Understanding Active Directory and Kerberos

In this blog post I will be covering some of the basics of Active Directory and Kerberos. This is to support the future posts which will only be about their exploitation in numerous ways. So let’s get started.

What is Active Directory?

What is Kerberos?

Kerberos is a network authentication protocol that was developed by the MIT and was named after the guard dog of the underworld, Cerberus. This authentication protocol was adopted by Microsoft which will work hand in hand with the Active Directory.

Kerberos Authentication

Kerberos authentication works on the basis of Tickets in a client-server architecture. To understand the process of authentication in detail, let’s take an example of a client in an organization who wants to access a file server.

There are three main components to keep in mind here:

  • Key Distribution Center (KDC)
  • Client
  • File server

Step 1:
When a client present in the organization wants to access a resource it sends a request, AS-REQ, to the KDC which consists of a timestamp which is encrypted with the clients NTLM hash.

Step 2:
Once the the request reaches the KDC, it verifies the request by promptly decrypting the request and if it were to decrypt it then it sends a response, AS-REP, a ticket called Ticket Granting Ticket (TGT), which is encrypted using the NTLM hash of the service account under which the KDC is running, krbtgt.

A part of the response, TGT, is encrypted using the NTLM hash of krbtgt and other is encrypted using the clients’ NTLM hash. Since the client would not have the NTLM hash of the krbtgt account, it cannot decrypt that part.

Step 3:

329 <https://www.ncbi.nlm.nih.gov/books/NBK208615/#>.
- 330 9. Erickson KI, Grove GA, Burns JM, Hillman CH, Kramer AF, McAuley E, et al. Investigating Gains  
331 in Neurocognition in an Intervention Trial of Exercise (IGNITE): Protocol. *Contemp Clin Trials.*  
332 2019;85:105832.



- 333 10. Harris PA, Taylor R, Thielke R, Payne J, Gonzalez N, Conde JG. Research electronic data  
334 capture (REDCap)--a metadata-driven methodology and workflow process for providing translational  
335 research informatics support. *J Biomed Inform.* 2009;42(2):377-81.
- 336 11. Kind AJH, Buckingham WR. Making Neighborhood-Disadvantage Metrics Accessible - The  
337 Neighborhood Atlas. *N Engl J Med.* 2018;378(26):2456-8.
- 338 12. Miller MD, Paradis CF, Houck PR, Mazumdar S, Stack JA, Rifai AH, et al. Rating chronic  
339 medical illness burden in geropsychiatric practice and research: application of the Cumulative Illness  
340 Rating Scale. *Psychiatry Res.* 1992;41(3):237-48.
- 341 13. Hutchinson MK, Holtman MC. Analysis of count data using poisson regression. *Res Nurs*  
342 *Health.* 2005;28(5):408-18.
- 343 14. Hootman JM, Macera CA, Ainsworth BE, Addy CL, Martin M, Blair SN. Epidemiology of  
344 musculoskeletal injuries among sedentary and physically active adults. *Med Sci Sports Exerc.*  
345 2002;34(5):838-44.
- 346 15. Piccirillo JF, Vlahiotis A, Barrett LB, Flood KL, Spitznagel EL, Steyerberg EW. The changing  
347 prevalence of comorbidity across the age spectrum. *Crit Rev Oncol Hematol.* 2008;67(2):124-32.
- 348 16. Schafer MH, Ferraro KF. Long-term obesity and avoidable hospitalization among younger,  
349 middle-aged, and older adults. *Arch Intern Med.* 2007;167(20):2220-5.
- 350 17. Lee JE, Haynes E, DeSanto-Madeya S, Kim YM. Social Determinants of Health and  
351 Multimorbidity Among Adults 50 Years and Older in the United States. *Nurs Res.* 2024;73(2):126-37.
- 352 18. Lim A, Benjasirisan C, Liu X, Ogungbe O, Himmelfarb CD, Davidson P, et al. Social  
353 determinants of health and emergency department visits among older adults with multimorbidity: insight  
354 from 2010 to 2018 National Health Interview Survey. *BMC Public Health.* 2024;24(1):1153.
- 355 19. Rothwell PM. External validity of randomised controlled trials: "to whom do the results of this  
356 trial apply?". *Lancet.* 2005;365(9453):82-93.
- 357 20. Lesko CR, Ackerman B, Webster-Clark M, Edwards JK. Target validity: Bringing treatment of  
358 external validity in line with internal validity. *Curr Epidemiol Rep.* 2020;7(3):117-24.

Now to request access to some resource, a file server here, the client will send the encrypted TGT it had previously received. This request is called as TGS-REQ

Step 4:
KDC verifies the request by decrypting the TGT the client sent, if it is able to then it sends the client the Ticket Granting Service (TGS). This response is called as TGS-REP

Step 5:
Once the client receives the TGS for a particular service, it can then connect to this service and then present the ticket. This process is called AP-REQ

To provide access or not is upto the service as KDC will not bother itself with the access control.

There are some more steps but they are optional, usually they will not happen unless the organization has enabled them:
Step 6:
Upon being presented the TGS, the service could perform an optional mutual authentication between the client and the service.

Step 7:
The service could perform a PAC validation request to the KDC. PAC or Privilege Attribute Certificate is a certificate along with Kerberos tickets that contains information regarding the security identifiers, group membership and more. To protect from Man-in-the-middle attack, PAC validation can be performed. Learn more here

To Note

Now that we have understood the basic authentication mechanism of Kerberos, let’s talk a little about its’ nuances.

The KDC lies with the Domain Controller (DC) of the organization. The DC is aware of all the secrets of the organization including hashes of every account and thus is able to decrypt requests coming in from any client in the organization. Similarly, it can encrypt responses being sent using any services’ NTLM hash.

The only check for authentication when a client requests for a TGT is that the KDC is being able to decrypt the request with the clients’ NTLM hash which KDC has. It doesn’t check if this is a valid request or not, as long as it is able to decrypt the request using the clients’ NTLM hash that the requests is or pretends to be from, the KDC will assume it is a legitimate request.